Edward Snowden Alleges US Hacked Hundreds of Targets in China
This screen grab recorded on June 6, 2013 and released to AFP on June 10, 2013 shows Edward Snowden, who leaked details of US surveillence of emails.
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The NSA whistleblower Edward Snowden vowed yesterday to fight an expected move by the US to have him extradited from Hong Kong, saying he was not there to "hide from justice" and would put his trust in its legal system.
In his first comments since revealing his identity in the Guardian at the weekend, Snowden also claimed that the US had been hacking Hong Kong and China since 2009, and accused the US of bullying the territory to return him because it did not want local authorities to learn of its cyber activities.
As a debate raged over whether Snowden should be praised or prosecuted for his actions, he told the South China Morning Post: "I'm neither traitor nor hero. I'm an American."
Snowden claimed that the US had hacked hundreds of targets in Hong Kong – including public officials, a university, businesses and students in the city – and on the mainland. These were part of more than 61,000 NSA hacking operations globally, he alleged.
"We hack network backbones – like huge internet routers, basically – that give us access to the communications of hundreds of thousands of computers without having to hack every single one," he said.
The Post said it had seen a document that, Snowden alleged, supported his claims. The Post said it had not verified the document, and did not immediately publish it.
Snowden said he was releasing the information to demonstrate "the hypocrisy of the US government when it claims that it does not target civilian infrastructure, unlike its adversaries".
A senior Chinese official said last week he had "mountains of data" on cyber-attacks from the US, after Washington turned up the pressure over hacking by China.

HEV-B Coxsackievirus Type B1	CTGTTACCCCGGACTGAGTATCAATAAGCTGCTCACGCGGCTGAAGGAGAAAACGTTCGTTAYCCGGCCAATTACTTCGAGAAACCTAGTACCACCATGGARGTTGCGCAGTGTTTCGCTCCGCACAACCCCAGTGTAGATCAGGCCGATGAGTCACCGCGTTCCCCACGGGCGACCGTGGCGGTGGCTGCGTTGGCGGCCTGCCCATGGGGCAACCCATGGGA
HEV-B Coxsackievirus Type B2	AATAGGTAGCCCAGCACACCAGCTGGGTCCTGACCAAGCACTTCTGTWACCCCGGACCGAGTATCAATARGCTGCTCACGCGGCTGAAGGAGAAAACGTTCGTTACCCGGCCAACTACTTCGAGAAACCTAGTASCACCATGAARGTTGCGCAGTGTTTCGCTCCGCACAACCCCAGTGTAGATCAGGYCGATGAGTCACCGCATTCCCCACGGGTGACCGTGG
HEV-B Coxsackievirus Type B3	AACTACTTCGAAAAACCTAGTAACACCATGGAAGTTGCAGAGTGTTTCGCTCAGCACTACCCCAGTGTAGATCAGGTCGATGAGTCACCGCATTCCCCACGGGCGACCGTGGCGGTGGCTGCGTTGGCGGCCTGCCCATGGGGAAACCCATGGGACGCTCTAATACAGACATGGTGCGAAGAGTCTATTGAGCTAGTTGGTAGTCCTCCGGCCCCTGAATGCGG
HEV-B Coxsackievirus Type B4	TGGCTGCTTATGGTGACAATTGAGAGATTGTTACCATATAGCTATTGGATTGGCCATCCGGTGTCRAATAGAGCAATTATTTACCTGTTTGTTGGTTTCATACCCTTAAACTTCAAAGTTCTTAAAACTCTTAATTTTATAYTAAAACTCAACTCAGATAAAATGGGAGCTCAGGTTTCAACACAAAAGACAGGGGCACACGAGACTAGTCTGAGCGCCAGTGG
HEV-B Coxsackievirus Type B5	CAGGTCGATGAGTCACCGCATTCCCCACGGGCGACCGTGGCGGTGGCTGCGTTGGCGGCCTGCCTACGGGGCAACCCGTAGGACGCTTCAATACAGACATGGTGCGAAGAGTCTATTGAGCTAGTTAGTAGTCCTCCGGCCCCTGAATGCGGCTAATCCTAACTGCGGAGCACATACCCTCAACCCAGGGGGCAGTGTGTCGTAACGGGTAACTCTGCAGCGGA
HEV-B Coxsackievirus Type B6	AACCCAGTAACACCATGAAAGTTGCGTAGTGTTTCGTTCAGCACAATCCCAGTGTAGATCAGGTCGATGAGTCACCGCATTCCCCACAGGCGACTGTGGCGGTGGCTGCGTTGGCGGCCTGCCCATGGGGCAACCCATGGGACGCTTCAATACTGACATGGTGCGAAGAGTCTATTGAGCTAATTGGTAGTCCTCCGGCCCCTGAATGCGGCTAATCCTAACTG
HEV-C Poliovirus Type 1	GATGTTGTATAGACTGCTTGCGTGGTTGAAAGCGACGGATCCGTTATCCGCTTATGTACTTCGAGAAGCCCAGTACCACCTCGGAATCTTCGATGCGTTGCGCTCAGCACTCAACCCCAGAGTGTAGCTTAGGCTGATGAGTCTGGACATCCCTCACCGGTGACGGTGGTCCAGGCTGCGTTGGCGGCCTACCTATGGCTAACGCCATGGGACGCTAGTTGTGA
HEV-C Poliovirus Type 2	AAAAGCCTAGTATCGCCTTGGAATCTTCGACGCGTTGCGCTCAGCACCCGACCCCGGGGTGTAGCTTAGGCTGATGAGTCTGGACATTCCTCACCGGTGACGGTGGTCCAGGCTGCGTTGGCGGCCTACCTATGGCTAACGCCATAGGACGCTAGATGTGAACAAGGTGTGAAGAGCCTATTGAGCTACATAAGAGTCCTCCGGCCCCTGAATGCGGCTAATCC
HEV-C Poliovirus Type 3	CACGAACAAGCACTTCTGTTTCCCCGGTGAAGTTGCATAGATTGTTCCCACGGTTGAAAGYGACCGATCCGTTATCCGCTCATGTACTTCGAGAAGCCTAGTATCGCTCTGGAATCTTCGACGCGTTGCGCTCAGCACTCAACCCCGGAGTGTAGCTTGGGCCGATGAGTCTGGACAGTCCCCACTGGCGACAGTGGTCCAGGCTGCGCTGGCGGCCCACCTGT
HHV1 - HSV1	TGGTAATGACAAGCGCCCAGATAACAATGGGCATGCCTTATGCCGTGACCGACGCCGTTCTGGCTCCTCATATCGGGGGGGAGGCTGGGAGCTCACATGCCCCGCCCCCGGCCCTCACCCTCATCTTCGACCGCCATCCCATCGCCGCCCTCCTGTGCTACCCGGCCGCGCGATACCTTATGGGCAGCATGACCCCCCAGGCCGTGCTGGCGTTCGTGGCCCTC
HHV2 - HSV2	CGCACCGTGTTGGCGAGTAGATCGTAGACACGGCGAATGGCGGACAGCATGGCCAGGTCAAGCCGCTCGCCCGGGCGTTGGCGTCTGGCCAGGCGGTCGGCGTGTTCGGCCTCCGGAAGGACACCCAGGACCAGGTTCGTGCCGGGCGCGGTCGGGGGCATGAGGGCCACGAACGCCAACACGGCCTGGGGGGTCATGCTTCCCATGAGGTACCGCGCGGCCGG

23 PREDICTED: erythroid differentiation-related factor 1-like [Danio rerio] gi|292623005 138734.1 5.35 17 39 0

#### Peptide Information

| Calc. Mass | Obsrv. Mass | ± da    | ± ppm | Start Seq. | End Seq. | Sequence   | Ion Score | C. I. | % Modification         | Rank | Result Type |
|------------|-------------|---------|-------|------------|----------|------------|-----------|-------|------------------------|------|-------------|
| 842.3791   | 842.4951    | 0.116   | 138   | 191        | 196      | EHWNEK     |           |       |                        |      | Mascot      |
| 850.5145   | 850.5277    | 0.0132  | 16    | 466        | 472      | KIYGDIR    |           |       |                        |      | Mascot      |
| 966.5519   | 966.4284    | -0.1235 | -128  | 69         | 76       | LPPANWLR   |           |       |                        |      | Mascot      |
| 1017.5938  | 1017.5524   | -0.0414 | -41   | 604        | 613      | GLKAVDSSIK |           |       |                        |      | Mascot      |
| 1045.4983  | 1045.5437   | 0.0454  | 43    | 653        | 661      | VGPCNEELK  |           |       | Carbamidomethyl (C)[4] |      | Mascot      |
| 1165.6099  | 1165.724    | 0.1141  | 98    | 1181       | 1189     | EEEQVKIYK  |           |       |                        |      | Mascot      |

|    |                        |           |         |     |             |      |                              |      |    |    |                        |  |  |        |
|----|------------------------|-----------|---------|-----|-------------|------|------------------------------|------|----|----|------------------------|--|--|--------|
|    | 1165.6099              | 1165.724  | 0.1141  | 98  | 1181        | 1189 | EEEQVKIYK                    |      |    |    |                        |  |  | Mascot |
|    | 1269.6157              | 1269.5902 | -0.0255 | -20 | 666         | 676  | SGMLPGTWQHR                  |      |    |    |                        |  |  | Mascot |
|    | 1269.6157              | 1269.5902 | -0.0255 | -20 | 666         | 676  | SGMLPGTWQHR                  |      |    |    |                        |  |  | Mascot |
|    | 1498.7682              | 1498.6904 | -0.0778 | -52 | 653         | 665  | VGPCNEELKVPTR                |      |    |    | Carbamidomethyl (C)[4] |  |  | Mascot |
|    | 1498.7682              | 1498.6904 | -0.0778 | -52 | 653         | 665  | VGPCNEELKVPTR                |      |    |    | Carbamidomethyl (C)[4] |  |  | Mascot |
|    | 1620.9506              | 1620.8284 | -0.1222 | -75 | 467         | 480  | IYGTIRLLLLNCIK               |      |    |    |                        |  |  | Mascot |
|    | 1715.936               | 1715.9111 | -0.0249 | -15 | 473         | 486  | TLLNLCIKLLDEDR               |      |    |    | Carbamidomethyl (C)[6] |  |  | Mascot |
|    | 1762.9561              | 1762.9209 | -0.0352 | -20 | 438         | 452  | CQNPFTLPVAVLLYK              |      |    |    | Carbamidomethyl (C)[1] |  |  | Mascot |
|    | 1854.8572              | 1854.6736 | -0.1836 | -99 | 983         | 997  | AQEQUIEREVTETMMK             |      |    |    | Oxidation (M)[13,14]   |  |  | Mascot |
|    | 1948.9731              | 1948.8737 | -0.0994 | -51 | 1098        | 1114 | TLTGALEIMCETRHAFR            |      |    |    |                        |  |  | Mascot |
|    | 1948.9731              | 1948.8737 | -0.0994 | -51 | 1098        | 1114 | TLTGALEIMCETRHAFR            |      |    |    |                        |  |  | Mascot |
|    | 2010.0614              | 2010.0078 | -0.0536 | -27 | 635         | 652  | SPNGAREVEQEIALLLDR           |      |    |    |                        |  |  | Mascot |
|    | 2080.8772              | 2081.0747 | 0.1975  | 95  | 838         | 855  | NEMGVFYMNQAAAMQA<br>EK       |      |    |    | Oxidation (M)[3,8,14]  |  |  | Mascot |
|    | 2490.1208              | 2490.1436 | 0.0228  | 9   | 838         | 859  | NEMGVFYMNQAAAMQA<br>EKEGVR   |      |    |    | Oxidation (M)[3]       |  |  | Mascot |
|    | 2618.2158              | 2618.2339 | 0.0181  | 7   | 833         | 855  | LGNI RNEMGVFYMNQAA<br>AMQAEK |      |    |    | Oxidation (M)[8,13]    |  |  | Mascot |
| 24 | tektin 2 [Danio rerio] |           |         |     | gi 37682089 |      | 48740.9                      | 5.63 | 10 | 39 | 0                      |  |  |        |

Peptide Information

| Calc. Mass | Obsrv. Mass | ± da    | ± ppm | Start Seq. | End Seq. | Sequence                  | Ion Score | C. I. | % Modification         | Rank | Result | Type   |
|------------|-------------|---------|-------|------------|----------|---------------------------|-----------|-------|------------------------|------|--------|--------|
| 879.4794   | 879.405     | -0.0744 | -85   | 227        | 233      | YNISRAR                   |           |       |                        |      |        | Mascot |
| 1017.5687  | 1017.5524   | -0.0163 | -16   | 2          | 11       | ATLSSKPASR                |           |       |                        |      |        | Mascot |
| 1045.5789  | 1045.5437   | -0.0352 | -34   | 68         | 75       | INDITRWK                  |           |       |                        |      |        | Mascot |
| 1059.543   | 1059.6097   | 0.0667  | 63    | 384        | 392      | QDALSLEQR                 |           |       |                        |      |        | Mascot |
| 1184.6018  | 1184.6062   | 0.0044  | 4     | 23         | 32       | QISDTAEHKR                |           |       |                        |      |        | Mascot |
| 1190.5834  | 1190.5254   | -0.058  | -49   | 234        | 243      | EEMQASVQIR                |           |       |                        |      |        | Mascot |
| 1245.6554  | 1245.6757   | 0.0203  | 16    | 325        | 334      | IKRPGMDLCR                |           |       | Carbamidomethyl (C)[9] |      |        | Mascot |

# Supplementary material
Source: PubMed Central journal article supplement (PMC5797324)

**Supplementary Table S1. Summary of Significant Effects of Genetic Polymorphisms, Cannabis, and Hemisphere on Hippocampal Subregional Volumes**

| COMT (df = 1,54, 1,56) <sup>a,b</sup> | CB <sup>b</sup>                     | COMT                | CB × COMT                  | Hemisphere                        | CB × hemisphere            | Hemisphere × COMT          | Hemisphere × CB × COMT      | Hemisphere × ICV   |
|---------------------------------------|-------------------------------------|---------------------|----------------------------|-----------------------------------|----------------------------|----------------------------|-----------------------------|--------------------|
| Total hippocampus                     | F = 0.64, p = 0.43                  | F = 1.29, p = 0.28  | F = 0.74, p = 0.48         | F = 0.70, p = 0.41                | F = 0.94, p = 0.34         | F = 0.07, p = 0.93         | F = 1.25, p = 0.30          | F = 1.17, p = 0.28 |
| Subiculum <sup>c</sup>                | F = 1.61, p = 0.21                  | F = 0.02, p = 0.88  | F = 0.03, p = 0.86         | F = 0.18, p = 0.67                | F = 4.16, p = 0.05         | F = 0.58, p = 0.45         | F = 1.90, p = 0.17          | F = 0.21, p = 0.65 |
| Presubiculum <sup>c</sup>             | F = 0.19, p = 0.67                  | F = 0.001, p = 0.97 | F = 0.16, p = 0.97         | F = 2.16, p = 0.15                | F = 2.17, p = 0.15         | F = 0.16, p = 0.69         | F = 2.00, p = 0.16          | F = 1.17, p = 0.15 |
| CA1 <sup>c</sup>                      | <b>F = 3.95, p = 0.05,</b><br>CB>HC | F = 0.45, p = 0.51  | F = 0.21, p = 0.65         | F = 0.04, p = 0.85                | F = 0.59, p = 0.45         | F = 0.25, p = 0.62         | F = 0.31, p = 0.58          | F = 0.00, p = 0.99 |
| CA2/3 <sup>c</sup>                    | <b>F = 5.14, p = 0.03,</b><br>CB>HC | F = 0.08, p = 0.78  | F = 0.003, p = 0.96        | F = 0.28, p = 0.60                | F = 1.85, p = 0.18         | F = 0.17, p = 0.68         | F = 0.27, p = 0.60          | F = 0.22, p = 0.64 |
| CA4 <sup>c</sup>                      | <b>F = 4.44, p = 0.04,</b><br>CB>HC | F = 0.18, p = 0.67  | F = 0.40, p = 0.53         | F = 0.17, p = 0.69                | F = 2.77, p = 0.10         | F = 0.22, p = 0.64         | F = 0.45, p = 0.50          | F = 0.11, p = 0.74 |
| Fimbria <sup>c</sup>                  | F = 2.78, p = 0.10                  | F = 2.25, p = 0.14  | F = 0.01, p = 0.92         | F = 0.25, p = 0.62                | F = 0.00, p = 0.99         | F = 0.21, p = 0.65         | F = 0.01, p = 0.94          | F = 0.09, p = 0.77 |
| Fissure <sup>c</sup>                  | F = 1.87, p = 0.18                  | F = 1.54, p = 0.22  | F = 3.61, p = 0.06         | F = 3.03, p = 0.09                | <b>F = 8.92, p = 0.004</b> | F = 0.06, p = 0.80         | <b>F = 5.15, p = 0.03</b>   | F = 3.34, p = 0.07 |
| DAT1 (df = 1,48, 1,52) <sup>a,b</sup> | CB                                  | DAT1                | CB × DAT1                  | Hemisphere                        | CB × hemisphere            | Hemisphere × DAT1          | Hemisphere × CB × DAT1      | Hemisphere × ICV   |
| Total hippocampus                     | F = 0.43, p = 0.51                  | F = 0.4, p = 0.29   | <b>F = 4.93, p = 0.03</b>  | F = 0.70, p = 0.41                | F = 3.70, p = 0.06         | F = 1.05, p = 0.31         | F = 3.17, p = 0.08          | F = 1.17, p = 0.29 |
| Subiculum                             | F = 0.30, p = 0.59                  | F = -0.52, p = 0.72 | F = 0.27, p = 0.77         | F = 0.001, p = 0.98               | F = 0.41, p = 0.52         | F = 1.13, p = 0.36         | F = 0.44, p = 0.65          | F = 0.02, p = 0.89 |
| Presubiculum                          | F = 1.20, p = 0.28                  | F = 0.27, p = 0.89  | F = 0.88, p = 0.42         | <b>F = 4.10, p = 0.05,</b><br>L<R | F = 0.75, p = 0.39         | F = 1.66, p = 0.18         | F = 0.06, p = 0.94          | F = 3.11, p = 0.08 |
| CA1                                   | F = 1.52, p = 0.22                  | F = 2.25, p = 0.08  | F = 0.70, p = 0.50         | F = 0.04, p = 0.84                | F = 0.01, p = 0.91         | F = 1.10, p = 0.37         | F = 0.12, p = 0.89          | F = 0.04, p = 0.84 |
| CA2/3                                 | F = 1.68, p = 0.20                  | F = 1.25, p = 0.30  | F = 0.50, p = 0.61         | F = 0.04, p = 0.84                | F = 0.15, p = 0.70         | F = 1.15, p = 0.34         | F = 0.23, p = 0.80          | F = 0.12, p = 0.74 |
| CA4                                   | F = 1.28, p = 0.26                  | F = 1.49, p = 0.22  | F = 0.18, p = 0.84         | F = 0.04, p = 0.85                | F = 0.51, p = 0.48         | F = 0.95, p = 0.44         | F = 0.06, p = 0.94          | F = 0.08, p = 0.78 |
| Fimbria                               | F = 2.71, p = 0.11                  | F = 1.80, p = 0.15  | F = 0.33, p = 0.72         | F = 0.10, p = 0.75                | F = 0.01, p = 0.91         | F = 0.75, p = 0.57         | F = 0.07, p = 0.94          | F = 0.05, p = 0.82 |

Jen Psaki, a spokeswoman for the State Department in Washington, said it was not aware of the hacking claims and could not comment directly, but she rejected the idea that such an incident would represent double standards given recent US criticism of Chinese cyber attacks.
"There is a difference between going after economic data and the issues of surveillance that the president has addressed which are about trying to stop people doing us harm," she said.
Hong Kong appeared a strange choice for Snowdon, as it has a surrender treaty with the US and leans towards co-operating with US requests. But in his hour-long interview, Snowden told the South China Morning Post: "People who think I made a mistake in picking Hong Kong as a location misunderstand my intentions. I am not here to hide from justice. I am here to reveal criminality."
He added: "My intention is to ask the courts and people of Hong Kong to decide my fate. I have been given no reason to doubt your system."
Although China has had sovereignty over Hong Kong since 1997, the territory retains a separate legal system and tradition of free speech. Beijing normally does not become involved in surrender hearings – technically not extradition, as Hong Kong is not a sovereign state – but could make an exception given the high-profile nature of this case.